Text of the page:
Jean-Pierre Gabriel spent three years traveling through every region of Thailand visiting homes, markets and restaurants, sampling dishes from every corner and collecting recipes along the way. The result is a collection of 500 easy-to-follow recipes and 200 breathtaking images of Thailand’s landscape, people, and food. The scope of the book is truly impressive; hundreds of Thai cooks contributed recipes (you’ll find the list of contributors in the back) and all regions of Thailand are represented. Most Thai cookbooks marketed to American audiences seem to focus on well-known dishes like pad Thai that are on American Thai restaurant menus; here you’ll find insect-based dishes from Thailand’s Northeast (Issan), where ingredients such as bamboo caterpillars, house crickets, and giant water bugs are foraged, pork dishes from Northern Thailand (including many sausage-based dishes), desserts from Central Thailand, seafood from Eastern Thailand, and Indian-influenced / Muslim dishes from Southern Thailand.
The book begins with a series of essays that explore the history of Thailand’s regions and cuisine and includes chapters on snacks and drinks, salads and soups, curries, stir fries, rice and noodles, grilled and fried dishes, desserts and more. Each recipe includes the dish’s name in Thai (no English transliteration), the region, preparation time and cooking time. Measurements are given in imperial, weight, and metric, with British terms in parentheses where applicable. There are generally two recipes to a page (four to a spread). Throughout the chapters, gorgeous matte photos of Thai landscapes, markets, ingredients and people give a comprehensive view at the diversity and natural abundance of Thailand. Staged photos of raw ingredients are like miniature artworks.
Thai cuisine is based on several principles, the most important being the four fundamental taste areas: spicy, sweet, sour, and salty. Two of the fundamental cooking methods, steaming and stir frying in a wok, are inherited from the Chinese. A nonstick wok is bet for stir-frying rice or noodle dishes, while stainless steel or cast-iron woks are more suitable for stir-frying fish, meat or vegetables. I was fascinated to learn of the history of various fried rice dishes; the few times I’d seen them on the menu in Thai restaurants, I assumed it was an attempt to cater to Chinese food enthusiasts, but fried rice a long history in Thailand, and you’ll find many complex and delicious variations here: seafood fried rice (shrimp paste fried rice with sweet pork, crab fried rice), Thai pork fried rice with fried eggs, fried rice with pineapple, etc. I also loved the noodle dishes like fried noodles in coconut milk with shrimp, which has a tart element from tamarind sauce, sweetness from coconut milk and palm sugar, and heat from chilies.
There is an extensive collection of curry dishes, which introduced me to a whole new range of Thai cooking including fish curry in banana leaf (luckily our Central Market always carries fresh banana leaves), roasted duck curry, coconut milk curries, and mango curry. Seafood is also amply represented, with many seafood curries along with grilled, fried, and stir-fried fish and crab dishes.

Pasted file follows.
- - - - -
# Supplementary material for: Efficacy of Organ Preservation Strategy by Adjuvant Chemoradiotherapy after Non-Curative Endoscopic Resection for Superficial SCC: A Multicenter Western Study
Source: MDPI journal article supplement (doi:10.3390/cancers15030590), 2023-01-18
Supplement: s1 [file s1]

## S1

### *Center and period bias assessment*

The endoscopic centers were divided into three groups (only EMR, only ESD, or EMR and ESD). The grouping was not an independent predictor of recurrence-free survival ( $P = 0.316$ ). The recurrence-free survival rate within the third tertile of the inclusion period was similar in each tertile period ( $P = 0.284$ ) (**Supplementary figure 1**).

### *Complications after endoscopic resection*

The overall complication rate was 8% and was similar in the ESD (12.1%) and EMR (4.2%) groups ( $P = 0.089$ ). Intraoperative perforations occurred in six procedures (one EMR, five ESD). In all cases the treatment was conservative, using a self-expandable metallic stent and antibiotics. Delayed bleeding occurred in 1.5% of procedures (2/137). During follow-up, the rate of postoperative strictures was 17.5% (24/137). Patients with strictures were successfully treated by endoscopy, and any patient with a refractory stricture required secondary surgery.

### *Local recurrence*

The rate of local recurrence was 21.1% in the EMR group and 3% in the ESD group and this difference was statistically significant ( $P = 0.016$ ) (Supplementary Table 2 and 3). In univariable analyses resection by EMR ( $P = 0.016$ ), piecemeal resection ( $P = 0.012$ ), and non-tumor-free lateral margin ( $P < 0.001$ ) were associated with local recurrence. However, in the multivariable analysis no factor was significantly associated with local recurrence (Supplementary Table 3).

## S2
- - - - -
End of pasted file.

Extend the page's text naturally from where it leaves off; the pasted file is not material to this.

I have an infamous sweet tooth, and the only Thai dessert I was familiar with before “Thailand: The Cookbook” was sticky rice and mangoes, but I was fascinated to learn of the candied fruits and vegetables that reminded me of Mexico (pumpkin in syrup, sweet potato in ginger syrup, candied sugar palm fruit), steamed puddings, and bean-based desserts (mung bean porridge with coconut milk, colorful mung bean noodles in coconut milk, mung bean puddings and custards). Not surprisingly, fruit plays a starring role, particularly bananas and coconut.
The final chapter is a list of guest chefs from Thai restaurants in Sydney (Sailors Thai, Chat Thai), New York (Kin Shop, Uncle Boons), London (Rosa’s Thai Café), and Bangkok (Bo.lan, Kiin Kiin) and their selected recipes.
The most challenging aspect will be finding the fresh (and staple) ingredients called for in many of the regional recipes (pandan leaves, sugar palm fruits, durian, tiger grass leaves, pork floss, dried buffalo skin, some seafood, frog, and fresh insects (crickets, ants, ant eggs, giant water bug eggs). There is no list of suggested online (or local) Thai markets, and no substitutions suggested in the ingredients (although you will find suggested substitutions in the glossary for select ingredients). For this reason, I will not be able to make many of the more “authentic” recipes, but there are still plenty that I can try with my limited range of Thai ingredients that I can purchase locally (lemongrass, Thai chilies, tamarind, kaffir lime leaves, banana leaves, fish sauce).
Overall, “Thailand: The Cookbook” is a labor of love and a beautiful travelogue that will introduce you (or take you back to) Thailand’s rich cultural and culinary diversity. The staggering number of recipes is sure to feature something for everyone and provides plenty of variety to keep you experimenting happily for many months (if not years) to come. The book itself is gorgeous, starting with the gold-embossed fabric cover and extending through the book’s design, including intricate geometric designs that mark each particular chapter in the Table of Contents. Whether you are already familiar with Thai cuisine or are looking for an approachable introduction, “Thailand: The Cookbook” deserves a place on your cookbook shelf.
(Review copy courtesy of Phaidon)